The infrequently presented Ishi Award is the highest honor which the Pope and Young Club can bestow upon a bowhunter. It is awarded only when a truly outstanding North American big game trophy animal is deserving of recognition. A nomination and selection committee, comprised wholly of the Club’s Board of Directors, determines each selection after careful evaluation.
The story behind the award really begins with its Indian namesake who was completely unknown to civilized man until daybreak on the morning of August 29, 1911. That day the dawn stillness was shattered by the excited barking of dogs. Roused from their sleep, the occupants of a slaughterhouse near the village of Oroville, California investigated the racket.
Cowering in a corner of their corral, emaciated from starvation and near the limits of fear and exhaustion, was a primitive Indian. The terror stricken man, obviously believing he was about to be killed, was taken into custody and housed in the Oroville jail.
Communication with his captors and “civilized” Indians living nearby proved impossible; however, news of the savage’s capture soon spread and reached the attention of two professors of anthropology at the University of California. These two men, Professors Alfred Kroeber and T.T. Waterman, journeyed from San Francisco to Oroville with the hope of discovering the ancestry of this “wild man”. Finally, after unsuccessfully trying many different tribal tongues, Professor Waterman spoke a word in the Yana language which was met with an instant response.
At last the Indian could be told he was not facing imminent death at the hands of the white men. Reassured, his appetite improved and he began to quickly adjust to life in what for him was surely a strange new world. And so Ishi, the last surviving member of the ancient tribe of Yana Indians, was transported directly from the Stone Age into a complex, modern society.
The professors took Ishi back to San Francisco with them and gave him living quarters in the University’s museum. It was here that Dr. Saxton Pope, an instructor at University School of Medicine, was called in to make a physical examination of the Indian. This professional meeting developed into a strong friendship. Soon Ishi was showing Dr. Pope and his companion, Art Young, how to make and use bows and arrows for hunting. Although Ishi lived only five years in civilization before succumbing to tuberculosis, his memory lives on in the writings of Pope and Theodora Kroeber, the wife of one of the professors who first befriended him.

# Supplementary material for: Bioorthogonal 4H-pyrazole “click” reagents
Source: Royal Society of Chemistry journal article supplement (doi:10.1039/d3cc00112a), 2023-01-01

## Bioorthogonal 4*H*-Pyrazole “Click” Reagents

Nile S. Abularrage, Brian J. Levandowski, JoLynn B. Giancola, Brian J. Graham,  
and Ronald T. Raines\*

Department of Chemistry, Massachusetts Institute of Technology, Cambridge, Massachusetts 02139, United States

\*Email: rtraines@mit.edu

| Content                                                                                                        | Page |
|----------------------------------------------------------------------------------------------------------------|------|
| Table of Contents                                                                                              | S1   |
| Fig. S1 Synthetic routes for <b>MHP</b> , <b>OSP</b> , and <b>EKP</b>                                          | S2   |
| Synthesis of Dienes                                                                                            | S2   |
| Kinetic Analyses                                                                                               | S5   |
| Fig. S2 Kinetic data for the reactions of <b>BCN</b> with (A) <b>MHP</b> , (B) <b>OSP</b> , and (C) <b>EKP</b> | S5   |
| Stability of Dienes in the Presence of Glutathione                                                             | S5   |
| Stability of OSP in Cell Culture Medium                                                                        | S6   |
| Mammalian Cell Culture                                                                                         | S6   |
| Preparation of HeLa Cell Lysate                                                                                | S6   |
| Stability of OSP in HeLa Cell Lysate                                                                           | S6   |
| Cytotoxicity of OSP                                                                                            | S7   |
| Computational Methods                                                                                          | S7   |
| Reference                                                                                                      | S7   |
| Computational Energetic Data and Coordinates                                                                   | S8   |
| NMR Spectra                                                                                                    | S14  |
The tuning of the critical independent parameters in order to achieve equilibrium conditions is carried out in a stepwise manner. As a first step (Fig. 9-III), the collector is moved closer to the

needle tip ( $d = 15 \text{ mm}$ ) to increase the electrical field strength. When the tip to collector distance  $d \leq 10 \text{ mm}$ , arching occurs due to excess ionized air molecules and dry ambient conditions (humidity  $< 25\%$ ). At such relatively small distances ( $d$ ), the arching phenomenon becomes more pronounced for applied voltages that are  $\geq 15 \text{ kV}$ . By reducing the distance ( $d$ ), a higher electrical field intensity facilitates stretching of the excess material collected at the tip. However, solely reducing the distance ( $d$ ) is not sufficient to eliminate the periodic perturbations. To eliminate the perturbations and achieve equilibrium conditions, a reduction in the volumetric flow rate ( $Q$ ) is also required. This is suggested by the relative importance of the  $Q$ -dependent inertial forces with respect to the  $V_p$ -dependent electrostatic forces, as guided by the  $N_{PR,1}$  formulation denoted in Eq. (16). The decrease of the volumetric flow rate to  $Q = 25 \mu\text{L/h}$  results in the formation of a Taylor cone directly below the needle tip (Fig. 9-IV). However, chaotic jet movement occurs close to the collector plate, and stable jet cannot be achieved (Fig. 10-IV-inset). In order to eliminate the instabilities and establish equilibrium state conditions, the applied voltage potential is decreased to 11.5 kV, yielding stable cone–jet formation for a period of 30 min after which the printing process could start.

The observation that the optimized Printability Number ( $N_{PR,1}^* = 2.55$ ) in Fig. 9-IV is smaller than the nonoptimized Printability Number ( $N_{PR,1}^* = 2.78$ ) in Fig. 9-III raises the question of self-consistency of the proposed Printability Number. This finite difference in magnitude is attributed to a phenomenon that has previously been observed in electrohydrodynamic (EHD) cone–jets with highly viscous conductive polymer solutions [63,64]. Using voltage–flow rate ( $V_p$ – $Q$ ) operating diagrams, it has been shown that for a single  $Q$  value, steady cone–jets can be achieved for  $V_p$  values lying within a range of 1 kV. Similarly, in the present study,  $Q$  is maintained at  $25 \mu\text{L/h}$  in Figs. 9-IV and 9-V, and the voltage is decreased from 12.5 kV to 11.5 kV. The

Consequently, in late 1962 when the Pope and Young Club introduced the idea for a special bowhunting award, Dick Mauch’s suggestion that it be named in honor of Ishi was met with immediate and enthusiastic response. After all, it was Ishi who had instilled in Pope and Young the love of the bow and its use as an efficient hunting tool. What then could be more appropriate than honoring the individual who had done most to inspire the “fathers of modern bowhunting”?
The Ishi award concept belongs to Mauch, Glenn St. Charles, Fred Bear and Chuck Kroll. They had been searching for an award similar to the Boone and Crockett Club’s coveted Sagamore Hill Medal honoring the memory of Theodore Roosevelt. Their suggestion for a special Ishi Award was quickly accepted by the membership.
The award itself was designed by Fred Bear with assistance from Chuck Kroll. Bear owned a few pieces of some very fine, select grade rosewood which were nearly perfect in color, grain and texture. This wood was donated to the Club to serve as plaques for what was to become bowhunting’s most rare and distinctive award. Next, specially made obsidian spear points were fashioned by Jim Ramsey of Lincoln, New Mexico, undoubtedly a master at this ancient art. These had-chipped points, mounted on each rosewood plaque along with an engraved metal plate, complete the treasured Ishi Award.
To date, only twenty one of the special bowhunting awards have been presented. The first Ishi Award, presented in 1964, was for the tremendous non-typical whitetail deer bagged by Del Austin. This trophy from Hall County, Nebraska, set a new Pope & Young World's Record at that time.
The last Award presentation was made, following the Thirty Thrid Recording Period, in 2023. Although, World Record trophies were entered in numerous categories, the decission for this ballot did not take long. The winner was the world's largest ever recorded, hunter taken, Typical Mule Deer with any weapon. Bowdy Gardner shot this World Record Typical Mule Deer - in Velvet, in 2012 in Kane County, Utah.
The challenges facing bowhunting’s future are ever evolving. Anti-hunters and activists continue to work to destroy our heritage and redefine our way of life. Many of the privileges hunters enjoy are being trampled, but we will not let our heritage be destroyed. We will not forget our history. We will not permit these challenges to diminish the vital role bowhunting plays in our culture. For over 60 years, Pope and Young has procured and preserved the records of bowhunting and bowhunter’s greatest accomplishments. Under our watch these records will not be erased. Collectively, Pope and Young members will not allow our hunting privileges to be reduced or forgotten. Bowhunting’s long, proud heritage will not be destroyed.
Today we continue our 60-year long mission with a new brand and a renewed commitment.
A mission that seeks to Preserve, Promote, and Protect Bowhunting.